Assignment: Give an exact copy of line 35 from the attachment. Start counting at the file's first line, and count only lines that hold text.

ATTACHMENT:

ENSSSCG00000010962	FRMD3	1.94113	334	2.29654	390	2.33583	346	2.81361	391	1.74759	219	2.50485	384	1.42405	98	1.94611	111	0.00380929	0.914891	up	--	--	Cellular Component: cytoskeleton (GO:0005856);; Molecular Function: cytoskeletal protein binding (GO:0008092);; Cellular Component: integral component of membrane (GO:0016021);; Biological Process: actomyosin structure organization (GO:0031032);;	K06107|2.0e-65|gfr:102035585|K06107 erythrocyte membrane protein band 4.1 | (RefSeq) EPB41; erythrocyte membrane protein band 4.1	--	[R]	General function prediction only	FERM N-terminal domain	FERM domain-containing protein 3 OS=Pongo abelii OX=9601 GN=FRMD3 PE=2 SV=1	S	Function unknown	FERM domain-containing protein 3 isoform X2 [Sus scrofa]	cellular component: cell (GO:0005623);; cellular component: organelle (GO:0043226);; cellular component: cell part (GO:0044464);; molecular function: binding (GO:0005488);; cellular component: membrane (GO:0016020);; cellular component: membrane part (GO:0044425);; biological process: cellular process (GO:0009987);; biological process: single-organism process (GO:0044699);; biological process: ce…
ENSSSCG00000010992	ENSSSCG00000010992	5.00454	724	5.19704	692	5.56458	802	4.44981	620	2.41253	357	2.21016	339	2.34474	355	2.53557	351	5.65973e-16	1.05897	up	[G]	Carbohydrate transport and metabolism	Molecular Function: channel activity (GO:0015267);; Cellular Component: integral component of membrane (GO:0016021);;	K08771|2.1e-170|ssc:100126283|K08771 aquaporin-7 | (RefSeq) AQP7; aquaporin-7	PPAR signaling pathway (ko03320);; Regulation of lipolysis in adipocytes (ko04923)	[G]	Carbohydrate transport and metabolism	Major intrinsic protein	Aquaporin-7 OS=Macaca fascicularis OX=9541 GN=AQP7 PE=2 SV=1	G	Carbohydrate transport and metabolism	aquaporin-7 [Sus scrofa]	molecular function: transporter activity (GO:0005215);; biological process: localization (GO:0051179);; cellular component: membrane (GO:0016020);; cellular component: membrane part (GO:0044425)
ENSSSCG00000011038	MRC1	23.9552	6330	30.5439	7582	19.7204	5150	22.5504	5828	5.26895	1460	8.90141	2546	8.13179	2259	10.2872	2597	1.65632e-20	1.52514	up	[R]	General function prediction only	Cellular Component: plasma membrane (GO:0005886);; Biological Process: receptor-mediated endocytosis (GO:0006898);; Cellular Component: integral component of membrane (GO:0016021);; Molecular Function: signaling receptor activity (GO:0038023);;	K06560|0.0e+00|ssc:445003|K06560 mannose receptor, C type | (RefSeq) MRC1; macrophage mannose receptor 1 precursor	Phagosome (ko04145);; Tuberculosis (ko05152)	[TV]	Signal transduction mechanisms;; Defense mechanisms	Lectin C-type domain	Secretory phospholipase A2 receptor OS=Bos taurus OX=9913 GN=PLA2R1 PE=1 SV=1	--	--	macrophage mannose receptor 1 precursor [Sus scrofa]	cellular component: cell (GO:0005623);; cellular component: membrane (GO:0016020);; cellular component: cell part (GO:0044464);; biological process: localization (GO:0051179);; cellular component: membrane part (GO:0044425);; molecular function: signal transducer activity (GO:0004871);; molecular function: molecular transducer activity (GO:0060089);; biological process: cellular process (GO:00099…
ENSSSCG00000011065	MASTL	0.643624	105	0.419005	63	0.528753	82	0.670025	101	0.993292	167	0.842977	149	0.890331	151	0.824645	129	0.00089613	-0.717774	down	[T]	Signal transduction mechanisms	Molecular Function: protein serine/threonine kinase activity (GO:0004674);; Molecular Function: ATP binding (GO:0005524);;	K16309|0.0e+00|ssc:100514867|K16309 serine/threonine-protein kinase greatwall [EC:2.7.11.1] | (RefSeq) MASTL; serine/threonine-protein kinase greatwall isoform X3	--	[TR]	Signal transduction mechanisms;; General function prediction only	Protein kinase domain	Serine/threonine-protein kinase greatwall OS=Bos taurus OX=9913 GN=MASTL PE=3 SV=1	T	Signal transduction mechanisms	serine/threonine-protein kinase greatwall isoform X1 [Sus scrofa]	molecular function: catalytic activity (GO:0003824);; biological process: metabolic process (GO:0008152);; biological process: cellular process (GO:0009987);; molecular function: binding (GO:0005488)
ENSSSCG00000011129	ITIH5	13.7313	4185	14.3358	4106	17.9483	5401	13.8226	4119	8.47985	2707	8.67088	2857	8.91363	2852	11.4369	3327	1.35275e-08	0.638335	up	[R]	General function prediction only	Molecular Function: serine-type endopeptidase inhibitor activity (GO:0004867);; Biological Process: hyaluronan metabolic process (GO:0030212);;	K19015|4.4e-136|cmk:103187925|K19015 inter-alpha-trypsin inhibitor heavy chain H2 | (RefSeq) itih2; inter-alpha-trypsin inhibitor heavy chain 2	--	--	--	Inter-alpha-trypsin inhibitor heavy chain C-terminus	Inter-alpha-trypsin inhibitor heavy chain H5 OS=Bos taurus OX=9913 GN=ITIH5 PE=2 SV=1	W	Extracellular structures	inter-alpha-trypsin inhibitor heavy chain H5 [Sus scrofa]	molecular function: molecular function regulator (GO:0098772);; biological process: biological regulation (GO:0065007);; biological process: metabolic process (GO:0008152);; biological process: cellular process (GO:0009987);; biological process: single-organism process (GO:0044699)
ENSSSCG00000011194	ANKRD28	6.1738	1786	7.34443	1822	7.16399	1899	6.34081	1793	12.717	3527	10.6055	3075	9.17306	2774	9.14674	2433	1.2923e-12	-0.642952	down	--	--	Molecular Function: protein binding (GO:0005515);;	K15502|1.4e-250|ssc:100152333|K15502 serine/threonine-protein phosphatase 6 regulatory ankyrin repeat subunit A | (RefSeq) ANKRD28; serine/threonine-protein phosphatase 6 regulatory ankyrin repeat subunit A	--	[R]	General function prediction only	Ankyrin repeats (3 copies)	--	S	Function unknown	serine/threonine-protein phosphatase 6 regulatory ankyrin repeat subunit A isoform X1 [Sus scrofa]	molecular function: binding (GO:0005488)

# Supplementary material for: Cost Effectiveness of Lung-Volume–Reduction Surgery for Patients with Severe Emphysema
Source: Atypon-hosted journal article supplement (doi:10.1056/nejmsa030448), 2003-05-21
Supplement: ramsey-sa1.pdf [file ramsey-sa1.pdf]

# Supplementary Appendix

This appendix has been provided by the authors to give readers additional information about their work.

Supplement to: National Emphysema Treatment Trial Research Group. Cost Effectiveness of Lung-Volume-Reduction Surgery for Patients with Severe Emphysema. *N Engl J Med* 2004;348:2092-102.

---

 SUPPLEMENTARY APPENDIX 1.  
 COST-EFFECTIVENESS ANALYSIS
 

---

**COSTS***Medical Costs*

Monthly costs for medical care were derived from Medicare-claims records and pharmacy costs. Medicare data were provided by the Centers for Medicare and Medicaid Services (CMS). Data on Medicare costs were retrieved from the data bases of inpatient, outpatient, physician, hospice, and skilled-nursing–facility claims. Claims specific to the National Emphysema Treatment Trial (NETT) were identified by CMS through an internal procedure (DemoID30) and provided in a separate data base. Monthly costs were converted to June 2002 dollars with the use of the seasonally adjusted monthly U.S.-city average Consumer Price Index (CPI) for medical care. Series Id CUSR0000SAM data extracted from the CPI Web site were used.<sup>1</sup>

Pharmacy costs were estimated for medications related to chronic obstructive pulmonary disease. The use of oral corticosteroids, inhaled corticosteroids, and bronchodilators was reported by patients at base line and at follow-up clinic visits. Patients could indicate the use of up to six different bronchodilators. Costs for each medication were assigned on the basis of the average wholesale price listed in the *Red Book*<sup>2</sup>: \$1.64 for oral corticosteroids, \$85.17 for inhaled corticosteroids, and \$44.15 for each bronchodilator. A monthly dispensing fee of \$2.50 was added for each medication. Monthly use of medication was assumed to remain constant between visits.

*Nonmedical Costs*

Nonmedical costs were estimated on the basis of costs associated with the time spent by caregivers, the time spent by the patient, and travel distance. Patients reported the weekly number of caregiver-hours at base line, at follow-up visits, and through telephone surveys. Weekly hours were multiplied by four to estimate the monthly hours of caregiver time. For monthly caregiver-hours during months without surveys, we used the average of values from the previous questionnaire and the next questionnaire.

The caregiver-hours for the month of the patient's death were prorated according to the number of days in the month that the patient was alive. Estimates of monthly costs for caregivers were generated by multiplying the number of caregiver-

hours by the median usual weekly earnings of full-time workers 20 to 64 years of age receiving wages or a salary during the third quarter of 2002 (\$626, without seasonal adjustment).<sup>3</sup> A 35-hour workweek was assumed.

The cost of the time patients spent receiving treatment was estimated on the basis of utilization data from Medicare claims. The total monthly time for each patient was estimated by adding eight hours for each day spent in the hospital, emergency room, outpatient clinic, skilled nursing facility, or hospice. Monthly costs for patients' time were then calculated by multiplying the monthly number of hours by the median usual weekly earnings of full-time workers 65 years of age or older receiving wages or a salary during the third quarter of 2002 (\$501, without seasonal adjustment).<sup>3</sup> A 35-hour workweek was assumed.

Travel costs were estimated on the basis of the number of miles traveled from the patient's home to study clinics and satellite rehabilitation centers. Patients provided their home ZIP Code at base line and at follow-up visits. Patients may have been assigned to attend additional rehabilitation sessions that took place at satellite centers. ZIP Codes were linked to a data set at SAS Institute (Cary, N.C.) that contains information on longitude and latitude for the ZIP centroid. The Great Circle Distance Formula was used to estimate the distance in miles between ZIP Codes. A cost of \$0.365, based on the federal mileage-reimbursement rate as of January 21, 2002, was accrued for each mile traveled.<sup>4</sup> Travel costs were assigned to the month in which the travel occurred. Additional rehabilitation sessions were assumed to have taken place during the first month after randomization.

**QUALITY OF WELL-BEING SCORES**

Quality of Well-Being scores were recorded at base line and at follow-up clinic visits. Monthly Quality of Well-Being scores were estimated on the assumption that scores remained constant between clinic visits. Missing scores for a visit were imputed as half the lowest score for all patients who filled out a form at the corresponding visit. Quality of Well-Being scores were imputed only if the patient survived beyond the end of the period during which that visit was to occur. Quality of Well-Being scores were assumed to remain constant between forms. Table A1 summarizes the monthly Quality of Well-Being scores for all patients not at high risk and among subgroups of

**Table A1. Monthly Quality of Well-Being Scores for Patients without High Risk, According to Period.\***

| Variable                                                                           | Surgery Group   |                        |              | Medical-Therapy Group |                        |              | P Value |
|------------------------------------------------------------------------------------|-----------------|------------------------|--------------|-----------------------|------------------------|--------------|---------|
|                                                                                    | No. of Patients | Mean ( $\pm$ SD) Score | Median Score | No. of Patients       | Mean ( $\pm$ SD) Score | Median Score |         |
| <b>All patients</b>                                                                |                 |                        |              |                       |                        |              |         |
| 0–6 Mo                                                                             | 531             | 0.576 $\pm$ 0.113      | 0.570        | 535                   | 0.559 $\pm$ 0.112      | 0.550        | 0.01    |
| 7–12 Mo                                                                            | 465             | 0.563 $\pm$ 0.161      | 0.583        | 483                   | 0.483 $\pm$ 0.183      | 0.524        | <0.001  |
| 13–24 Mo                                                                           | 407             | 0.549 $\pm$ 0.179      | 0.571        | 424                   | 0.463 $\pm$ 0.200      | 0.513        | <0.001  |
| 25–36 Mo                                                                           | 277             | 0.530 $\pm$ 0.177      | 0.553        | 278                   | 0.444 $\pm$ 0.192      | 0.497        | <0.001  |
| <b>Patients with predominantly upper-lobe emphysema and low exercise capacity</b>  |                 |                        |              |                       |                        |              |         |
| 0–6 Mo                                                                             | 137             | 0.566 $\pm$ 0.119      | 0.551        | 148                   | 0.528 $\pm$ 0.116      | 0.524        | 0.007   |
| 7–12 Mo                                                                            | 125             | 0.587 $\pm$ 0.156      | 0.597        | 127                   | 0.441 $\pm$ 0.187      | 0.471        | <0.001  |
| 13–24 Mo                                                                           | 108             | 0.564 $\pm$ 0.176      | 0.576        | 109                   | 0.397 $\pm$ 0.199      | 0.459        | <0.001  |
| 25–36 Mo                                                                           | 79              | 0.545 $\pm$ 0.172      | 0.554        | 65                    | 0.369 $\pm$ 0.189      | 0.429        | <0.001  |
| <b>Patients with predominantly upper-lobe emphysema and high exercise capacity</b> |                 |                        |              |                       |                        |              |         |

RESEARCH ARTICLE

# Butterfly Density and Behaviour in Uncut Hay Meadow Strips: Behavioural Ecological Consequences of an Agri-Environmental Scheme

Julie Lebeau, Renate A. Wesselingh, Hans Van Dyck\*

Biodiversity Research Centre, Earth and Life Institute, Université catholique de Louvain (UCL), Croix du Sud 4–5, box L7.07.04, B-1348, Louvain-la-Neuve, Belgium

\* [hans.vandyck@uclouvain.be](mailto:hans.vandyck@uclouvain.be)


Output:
| 13–24 Mo                                                                           | 407             | 0.549 $\pm$ 0.179      | 0.571        | 424                   | 0.463 $\pm$ 0.200      | 0.513        | <0.001  |